I have to tell you the cacophony of the Auto Show during press days is very different than that of public days. Its not thousands of people meandering about, but a herd mentality of media types running from one press conference and reveal to the next. Its usually a couple in a row in one hall where you shuffle a few feet at time vying for the best seat to hear/see and be the first on stage for photos when its over. Its 15 minutes of manufacture hype with 5 minutes of photo op, then 5 minutes to get to the next show. Insanity.
Also different is that the manufacturers have stuff that is available for press days only. The reps I talked with didn’t think the live demo of the iRoad in this video would take place for public days…so thats my lede. Continue reading “L.A. Auto Show…press days round up”
What is L.A. Auto Show press days without a manufacturer party or two? My absolute favorite is the Hyundai party. Again this year at the Hotel Figueroa a few blocks from the show itself.
Joan Jett and the Blackhearts. Yes, they were our live entertainment. Nearly shat myself when they were announced to be our entertainment for the evening. Tons of fun, she hasn’t lost her edge. Totally fun night.
Day 1 of L.A. Auto Show Press Days did not disappoint
Of all the truly amazing things at this years L.A. Auto Show this one stopped me in my tracks and I thought wtf. Prolly the best use of a minican ever. If you want to see what Toyota is really capable of check out their FT1 concept. Vette…they have your number and are gonna kick you square in the crotch.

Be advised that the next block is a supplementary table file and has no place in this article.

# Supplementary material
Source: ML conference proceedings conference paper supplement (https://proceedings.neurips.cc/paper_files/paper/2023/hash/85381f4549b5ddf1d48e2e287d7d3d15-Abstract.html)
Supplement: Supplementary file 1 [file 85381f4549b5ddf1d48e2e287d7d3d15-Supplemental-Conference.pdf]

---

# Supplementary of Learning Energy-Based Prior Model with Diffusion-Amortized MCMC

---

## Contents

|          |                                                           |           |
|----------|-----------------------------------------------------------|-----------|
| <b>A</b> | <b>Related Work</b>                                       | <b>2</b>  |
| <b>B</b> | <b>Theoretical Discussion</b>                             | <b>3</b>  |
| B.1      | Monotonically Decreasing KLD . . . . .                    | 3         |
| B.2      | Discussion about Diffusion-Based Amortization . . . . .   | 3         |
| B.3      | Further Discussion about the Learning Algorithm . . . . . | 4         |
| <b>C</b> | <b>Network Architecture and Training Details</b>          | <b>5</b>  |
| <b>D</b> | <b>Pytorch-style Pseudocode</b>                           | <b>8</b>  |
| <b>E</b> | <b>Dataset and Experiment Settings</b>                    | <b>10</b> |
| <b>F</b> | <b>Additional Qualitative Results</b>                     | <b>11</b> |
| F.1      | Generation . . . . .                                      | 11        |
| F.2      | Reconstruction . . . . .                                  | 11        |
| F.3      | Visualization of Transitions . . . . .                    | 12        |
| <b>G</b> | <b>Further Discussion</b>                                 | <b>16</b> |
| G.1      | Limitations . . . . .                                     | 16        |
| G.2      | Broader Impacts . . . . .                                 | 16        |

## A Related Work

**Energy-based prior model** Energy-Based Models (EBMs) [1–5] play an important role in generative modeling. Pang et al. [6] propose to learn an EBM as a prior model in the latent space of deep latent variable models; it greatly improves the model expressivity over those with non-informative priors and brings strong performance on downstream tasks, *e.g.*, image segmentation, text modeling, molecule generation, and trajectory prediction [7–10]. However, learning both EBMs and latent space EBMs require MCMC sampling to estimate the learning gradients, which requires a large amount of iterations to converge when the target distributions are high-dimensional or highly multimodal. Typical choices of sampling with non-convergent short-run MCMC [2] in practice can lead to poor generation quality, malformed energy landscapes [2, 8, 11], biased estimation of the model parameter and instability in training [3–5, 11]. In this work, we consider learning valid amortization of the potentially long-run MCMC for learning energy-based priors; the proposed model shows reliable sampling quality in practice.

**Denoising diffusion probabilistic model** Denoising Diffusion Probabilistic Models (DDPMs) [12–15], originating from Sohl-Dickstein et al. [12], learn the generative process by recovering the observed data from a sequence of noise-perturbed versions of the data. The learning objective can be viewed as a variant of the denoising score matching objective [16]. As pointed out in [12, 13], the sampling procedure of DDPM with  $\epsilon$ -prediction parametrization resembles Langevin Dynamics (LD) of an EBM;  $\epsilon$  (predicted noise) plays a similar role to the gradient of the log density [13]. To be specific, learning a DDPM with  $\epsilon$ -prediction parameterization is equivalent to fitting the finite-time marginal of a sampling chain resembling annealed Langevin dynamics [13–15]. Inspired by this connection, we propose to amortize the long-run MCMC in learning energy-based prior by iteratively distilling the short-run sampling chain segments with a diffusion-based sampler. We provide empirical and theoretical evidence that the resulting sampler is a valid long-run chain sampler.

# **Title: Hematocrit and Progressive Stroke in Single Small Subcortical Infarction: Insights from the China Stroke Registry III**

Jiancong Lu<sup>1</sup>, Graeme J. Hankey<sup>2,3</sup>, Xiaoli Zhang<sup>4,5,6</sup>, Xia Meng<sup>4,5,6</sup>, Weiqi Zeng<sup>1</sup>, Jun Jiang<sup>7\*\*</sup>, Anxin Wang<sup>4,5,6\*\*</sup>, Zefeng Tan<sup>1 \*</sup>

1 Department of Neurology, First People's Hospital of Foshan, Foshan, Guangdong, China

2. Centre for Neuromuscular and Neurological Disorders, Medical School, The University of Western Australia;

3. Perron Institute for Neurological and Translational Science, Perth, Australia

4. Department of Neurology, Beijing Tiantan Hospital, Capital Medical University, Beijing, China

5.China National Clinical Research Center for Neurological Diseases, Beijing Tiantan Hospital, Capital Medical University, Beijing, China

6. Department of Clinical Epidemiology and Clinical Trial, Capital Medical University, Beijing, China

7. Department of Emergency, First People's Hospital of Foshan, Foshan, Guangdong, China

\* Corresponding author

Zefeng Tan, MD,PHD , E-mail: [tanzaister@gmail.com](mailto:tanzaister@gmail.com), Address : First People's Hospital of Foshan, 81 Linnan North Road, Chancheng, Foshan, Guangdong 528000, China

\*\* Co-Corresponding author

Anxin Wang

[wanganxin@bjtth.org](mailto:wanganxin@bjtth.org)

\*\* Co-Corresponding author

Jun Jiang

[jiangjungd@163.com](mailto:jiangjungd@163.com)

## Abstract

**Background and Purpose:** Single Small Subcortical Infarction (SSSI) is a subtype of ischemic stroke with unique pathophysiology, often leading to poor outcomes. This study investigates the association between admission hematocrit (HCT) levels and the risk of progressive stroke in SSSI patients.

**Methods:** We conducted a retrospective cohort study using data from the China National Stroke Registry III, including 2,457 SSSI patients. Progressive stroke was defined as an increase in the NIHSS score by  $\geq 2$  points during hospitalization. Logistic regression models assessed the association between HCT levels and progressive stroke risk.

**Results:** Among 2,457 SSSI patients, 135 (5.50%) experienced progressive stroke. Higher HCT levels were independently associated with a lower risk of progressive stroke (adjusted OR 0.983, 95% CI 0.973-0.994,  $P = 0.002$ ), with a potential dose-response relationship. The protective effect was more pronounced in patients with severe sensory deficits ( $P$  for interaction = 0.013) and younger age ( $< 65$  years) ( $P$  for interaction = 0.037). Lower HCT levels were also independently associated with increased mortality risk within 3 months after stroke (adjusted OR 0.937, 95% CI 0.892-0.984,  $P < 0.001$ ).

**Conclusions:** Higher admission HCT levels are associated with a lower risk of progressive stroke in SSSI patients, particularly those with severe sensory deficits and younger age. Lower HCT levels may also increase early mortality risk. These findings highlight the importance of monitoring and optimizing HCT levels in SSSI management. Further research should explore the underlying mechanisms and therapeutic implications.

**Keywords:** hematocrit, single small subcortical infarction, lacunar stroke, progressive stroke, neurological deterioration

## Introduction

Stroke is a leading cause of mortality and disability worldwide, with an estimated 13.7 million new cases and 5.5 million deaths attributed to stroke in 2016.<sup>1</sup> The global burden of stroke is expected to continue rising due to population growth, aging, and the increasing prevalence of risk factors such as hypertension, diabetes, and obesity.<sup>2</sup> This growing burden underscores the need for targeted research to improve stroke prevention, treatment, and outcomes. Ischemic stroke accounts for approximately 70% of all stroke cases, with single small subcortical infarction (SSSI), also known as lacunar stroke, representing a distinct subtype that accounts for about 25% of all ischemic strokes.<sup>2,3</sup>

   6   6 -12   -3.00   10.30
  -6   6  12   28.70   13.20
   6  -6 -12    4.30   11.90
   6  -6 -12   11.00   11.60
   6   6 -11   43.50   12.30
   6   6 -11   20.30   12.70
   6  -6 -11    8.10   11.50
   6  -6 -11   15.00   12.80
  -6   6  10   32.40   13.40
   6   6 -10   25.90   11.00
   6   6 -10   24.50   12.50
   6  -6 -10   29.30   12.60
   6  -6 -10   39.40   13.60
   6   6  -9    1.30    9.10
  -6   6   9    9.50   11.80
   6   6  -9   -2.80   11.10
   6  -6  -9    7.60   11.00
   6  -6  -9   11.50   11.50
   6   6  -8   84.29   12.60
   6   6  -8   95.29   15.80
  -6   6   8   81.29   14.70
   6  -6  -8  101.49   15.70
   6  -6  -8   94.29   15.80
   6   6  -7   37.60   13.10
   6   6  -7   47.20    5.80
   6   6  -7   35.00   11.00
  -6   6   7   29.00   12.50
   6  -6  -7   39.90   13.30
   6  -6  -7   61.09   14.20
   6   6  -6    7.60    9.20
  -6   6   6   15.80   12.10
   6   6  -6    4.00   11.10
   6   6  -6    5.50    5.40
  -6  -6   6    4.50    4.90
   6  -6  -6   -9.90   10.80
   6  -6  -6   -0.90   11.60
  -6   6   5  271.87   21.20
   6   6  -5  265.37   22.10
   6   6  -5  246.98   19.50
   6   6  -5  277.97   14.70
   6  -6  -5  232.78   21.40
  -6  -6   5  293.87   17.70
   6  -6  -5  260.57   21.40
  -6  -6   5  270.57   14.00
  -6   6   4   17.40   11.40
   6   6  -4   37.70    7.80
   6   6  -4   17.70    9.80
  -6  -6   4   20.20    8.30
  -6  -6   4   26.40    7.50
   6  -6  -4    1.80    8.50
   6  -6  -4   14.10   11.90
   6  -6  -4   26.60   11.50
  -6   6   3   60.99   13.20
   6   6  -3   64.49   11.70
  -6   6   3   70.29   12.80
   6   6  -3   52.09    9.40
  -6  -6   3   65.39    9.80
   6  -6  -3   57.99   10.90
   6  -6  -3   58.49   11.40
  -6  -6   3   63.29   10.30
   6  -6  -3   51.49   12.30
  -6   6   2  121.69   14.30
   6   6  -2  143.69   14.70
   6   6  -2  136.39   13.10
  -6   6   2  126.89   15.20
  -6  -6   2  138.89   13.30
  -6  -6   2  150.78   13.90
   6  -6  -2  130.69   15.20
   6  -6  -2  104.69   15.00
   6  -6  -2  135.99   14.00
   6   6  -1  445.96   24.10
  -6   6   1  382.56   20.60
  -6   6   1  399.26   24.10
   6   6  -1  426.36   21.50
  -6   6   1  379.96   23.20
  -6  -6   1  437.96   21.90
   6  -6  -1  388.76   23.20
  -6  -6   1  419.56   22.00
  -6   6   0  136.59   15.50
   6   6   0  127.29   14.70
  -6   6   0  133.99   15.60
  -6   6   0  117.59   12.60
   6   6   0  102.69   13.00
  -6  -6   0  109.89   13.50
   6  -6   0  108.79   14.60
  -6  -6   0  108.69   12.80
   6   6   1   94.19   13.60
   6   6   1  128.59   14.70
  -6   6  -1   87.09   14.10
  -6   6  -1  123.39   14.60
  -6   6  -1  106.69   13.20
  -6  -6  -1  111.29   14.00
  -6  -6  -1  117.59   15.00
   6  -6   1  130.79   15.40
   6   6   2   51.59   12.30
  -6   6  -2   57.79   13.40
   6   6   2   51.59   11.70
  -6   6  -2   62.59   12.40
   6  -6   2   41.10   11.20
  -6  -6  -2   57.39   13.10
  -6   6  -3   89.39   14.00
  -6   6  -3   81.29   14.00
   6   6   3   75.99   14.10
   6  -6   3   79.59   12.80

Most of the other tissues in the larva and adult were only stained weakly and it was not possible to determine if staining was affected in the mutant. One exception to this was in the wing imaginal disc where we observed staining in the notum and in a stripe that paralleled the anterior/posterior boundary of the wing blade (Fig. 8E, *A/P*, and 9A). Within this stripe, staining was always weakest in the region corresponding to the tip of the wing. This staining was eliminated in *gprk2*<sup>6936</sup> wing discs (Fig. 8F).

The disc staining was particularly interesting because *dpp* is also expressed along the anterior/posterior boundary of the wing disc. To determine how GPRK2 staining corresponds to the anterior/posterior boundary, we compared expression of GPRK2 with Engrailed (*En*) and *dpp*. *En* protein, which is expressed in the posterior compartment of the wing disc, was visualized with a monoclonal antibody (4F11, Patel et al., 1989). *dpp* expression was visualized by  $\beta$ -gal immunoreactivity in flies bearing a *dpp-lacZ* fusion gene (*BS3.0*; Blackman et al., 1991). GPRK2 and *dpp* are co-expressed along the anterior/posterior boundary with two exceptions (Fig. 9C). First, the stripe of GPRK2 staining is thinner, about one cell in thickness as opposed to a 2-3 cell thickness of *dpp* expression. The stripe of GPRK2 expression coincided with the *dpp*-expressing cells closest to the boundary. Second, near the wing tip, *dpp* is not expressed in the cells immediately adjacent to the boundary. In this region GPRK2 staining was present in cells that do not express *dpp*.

The Sierra Madre Playhouse is breaking tradition and bringing in a new play for the Holidays. “A Little House Christmas” premieres on Friday November 28, 2014 and I don’t want the play to get lost in the holiday busy shuffle. Carve out some time and bring the fam to what promises to be another marvelous production by the Sierra Madre Playhouse.
The play as you might guess is based on the “Little House” books done by American author Laura Ingalls Wilder. The book has been adapted for theatre by James DeVita.
The Sierra Madre Playhouse presentation of A Little House Christmas is directed by Emily Chase. Her cast includes (in alphabetical order) Jolie Adamson, Pamela Daly, Jeff Doba, Jim Harnagel, Eric Charles Jorgensen, Fletcher Kamal, Valerie Rose Lohman, Andrew Stock, Hannah Victoria Stock and Amy Tolsky. UCLA musicologist Lyndsey Strand-Polyak is the production’s consultant on music of the ear, which will include vibrant fiddle and guitar playing as well as lively dance.